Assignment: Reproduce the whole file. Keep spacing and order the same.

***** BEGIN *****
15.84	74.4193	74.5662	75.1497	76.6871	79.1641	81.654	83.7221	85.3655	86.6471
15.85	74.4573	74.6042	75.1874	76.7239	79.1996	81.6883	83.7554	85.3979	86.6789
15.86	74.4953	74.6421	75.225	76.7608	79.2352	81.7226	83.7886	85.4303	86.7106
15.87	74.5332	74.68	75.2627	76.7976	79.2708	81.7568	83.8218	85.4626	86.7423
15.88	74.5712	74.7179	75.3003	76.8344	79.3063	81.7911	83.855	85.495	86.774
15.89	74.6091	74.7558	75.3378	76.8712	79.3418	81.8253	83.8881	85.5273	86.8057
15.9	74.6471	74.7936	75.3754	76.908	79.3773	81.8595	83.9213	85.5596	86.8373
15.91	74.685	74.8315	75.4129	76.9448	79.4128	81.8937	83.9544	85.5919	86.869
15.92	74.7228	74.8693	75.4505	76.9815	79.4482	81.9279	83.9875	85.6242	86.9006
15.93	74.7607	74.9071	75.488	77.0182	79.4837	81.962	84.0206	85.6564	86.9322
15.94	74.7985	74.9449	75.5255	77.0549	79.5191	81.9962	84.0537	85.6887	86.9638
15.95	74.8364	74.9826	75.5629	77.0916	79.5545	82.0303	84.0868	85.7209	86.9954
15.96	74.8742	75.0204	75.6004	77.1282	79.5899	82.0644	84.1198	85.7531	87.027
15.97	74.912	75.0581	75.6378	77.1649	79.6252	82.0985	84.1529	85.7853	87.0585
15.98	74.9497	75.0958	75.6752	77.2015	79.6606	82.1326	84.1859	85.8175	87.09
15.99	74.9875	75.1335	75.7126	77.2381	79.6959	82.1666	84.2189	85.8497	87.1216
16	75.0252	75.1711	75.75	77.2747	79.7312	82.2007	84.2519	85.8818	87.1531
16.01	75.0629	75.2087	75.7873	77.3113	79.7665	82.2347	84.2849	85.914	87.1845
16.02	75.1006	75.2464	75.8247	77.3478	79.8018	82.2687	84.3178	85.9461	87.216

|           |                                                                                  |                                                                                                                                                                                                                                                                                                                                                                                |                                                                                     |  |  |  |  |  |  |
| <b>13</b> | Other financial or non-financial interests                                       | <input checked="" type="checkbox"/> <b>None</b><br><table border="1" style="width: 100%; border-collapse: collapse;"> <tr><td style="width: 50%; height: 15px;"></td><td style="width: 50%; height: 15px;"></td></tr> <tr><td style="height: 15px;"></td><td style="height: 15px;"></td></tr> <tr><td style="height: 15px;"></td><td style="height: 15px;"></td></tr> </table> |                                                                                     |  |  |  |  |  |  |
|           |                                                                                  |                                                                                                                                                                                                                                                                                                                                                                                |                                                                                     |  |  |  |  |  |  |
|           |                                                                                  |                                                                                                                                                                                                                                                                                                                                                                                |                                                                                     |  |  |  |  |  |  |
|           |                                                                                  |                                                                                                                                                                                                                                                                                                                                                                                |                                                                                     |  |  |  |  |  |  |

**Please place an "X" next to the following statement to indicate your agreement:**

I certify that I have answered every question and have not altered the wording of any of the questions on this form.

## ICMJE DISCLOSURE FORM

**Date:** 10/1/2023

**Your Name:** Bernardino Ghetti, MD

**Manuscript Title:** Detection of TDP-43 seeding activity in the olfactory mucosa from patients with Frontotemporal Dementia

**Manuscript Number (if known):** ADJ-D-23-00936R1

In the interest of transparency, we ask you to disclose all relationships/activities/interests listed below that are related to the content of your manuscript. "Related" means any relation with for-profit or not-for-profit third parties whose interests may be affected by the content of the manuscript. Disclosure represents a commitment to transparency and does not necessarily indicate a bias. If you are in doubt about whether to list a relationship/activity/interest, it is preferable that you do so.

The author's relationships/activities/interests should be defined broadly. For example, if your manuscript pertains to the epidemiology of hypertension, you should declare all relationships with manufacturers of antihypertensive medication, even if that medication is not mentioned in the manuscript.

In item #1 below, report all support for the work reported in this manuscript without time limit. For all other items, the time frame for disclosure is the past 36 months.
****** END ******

15.84	74.4193	74.5662	75.1497	76.6871	79.1641	81.654	83.7221	85.3655	86.6471
15.85	74.4573	74.6042	75.1874	76.7239	79.1996	81.6883	83.7554	85.3979	86.6789
15.86	74.4953	74.6421	75.225	76.7608	79.2352	81.7226	83.7886	85.4303	86.7106
15.87	74.5332	74.68	75.2627	76.7976	79.2708	81.7568	83.8218	85.4626	86.7423
15.88	74.5712	74.7179	75.3003	76.8344	79.3063	81.7911	83.855	85.495	86.774
15.89	74.6091	74.7558	75.3378	76.8712	79.3418	81.8253	83.8881	85.5273	86.8057
15.9	74.6471	74.7936	75.3754	76.908	79.3773	81.8595	83.9213	85.5596	86.8373
15.91	74.685	74.8315	75.4129	76.9448	79.4128	81.8937	83.9544	85.5919	86.869
15.92	74.7228	74.8693	75.4505	76.9815	79.4482	81.9279	83.9875	85.6242	86.9006
15.93	74.7607	74.9071	75.488	77.0182	79.4837	81.962	84.0206	85.6564	86.9322
15.94	74.7985	74.9449	75.5255	77.0549	79.5191	81.9962	84.0537	85.6887	86.9638
15.95	74.8364	74.9826	75.5629	77.0916	79.5545	82.0303	84.0868	85.7209	86.9954
15.96	74.8742	75.0204	75.6004	77.1282	79.5899	82.0644	84.1198	85.7531	87.027
15.97	74.912	75.0581	75.6378	77.1649	79.6252	82.0985	84.1529	85.7853	87.0585
15.98	74.9497	75.0958	75.6752	77.2015	79.6606	82.1326	84.1859	85.8175	87.09
15.99	74.9875	75.1335	75.7126	77.2381	79.6959	82.1666	84.2189	85.8497	87.1216
16	75.0252	75.1711	75.75	77.2747	79.7312	82.2007	84.2519	85.8818	87.1531
16.01	75.0629	75.2087	75.7873	77.3113	79.7665	82.2347	84.2849	85.914	87.1845
16.02	75.1006	75.2464	75.8247	77.3478	79.8018	82.2687	84.3178	85.9461	87.216

|           |                                                                                  |                                                                                                                                                                                                                                                                                                                                                                                |                                                                                     |  |  |  |  |  |  |
| <b>13</b> | Other financial or non-financial interests                                       | <input checked="" type="checkbox"/> <b>None</b><br><table border="1" style="width: 100%; border-collapse: collapse;"> <tr><td style="width: 50%; height: 15px;"></td><td style="width: 50%; height: 15px;"></td></tr> <tr><td style="height: 15px;"></td><td style="height: 15px;"></td></tr> <tr><td style="height: 15px;"></td><td style="height: 15px;"></td></tr> </table> |                                                                                     |  |  |  |  |  |  |
|           |                                                                                  |                                                                                                                                                                                                                                                                                                                                                                                |                                                                                     |  |  |  |  |  |  |
|           |                                                                                  |                                                                                                                                                                                                                                                                                                                                                                                |                                                                                     |  |  |  |  |  |  |
|           |                                                                                  |                                                                                                                                                                                                                                                                                                                                                                                |                                                                                     |  |  |  |  |  |  |

**Please place an "X" next to the following statement to indicate your agreement:**

I certify that I have answered every question and have not altered the wording of any of the questions on this form.

## ICMJE DISCLOSURE FORM

**Date:** 10/1/2023

**Your Name:** Bernardino Ghetti, MD

**Manuscript Title:** Detection of TDP-43 seeding activity in the olfactory mucosa from patients with Frontotemporal Dementia

**Manuscript Number (if known):** ADJ-D-23-00936R1

In the interest of transparency, we ask you to disclose all relationships/activities/interests listed below that are related to the content of your manuscript. "Related" means any relation with for-profit or not-for-profit third parties whose interests may be affected by the content of the manuscript. Disclosure represents a commitment to transparency and does not necessarily indicate a bias. If you are in doubt about whether to list a relationship/activity/interest, it is preferable that you do so.

The author's relationships/activities/interests should be defined broadly. For example, if your manuscript pertains to the epidemiology of hypertension, you should declare all relationships with manufacturers of antihypertensive medication, even if that medication is not mentioned in the manuscript.

In item #1 below, report all support for the work reported in this manuscript without time limit. For all other items, the time frame for disclosure is the past 36 months.